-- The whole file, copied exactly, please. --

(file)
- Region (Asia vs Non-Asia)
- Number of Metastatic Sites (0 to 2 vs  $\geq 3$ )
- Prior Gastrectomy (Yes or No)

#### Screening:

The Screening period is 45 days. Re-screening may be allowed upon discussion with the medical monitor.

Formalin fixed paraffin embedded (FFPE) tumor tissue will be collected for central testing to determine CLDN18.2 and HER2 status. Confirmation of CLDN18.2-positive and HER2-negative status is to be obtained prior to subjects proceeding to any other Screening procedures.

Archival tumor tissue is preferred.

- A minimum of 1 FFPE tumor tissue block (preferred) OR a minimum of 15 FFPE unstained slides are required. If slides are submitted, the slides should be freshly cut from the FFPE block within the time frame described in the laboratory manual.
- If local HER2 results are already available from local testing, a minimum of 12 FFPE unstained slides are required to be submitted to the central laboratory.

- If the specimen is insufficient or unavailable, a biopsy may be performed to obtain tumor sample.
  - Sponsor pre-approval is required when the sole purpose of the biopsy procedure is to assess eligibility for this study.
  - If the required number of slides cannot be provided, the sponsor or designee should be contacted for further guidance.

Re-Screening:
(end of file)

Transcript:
- Region (Asia vs Non-Asia)
- Number of Metastatic Sites (0 to 2 vs  $\geq 3$ )
- Prior Gastrectomy (Yes or No)

#### Screening:

The Screening period is 45 days. Re-screening may be allowed upon discussion with the medical monitor.

Formalin fixed paraffin embedded (FFPE) tumor tissue will be collected for central testing to determine CLDN18.2 and HER2 status. Confirmation of CLDN18.2-positive and HER2-negative status is to be obtained prior to subjects proceeding to any other Screening procedures.

Archival tumor tissue is preferred.

- A minimum of 1 FFPE tumor tissue block (preferred) OR a minimum of 15 FFPE unstained slides are required. If slides are submitted, the slides should be freshly cut from the FFPE block within the time frame described in the laboratory manual.
- If local HER2 results are already available from local testing, a minimum of 12 FFPE unstained slides are required to be submitted to the central laboratory.

- If the specimen is insufficient or unavailable, a biopsy may be performed to obtain tumor sample.
  - Sponsor pre-approval is required when the sole purpose of the biopsy procedure is to assess eligibility for this study.
  - If the required number of slides cannot be provided, the sponsor or designee should be contacted for further guidance.

Re-Screening: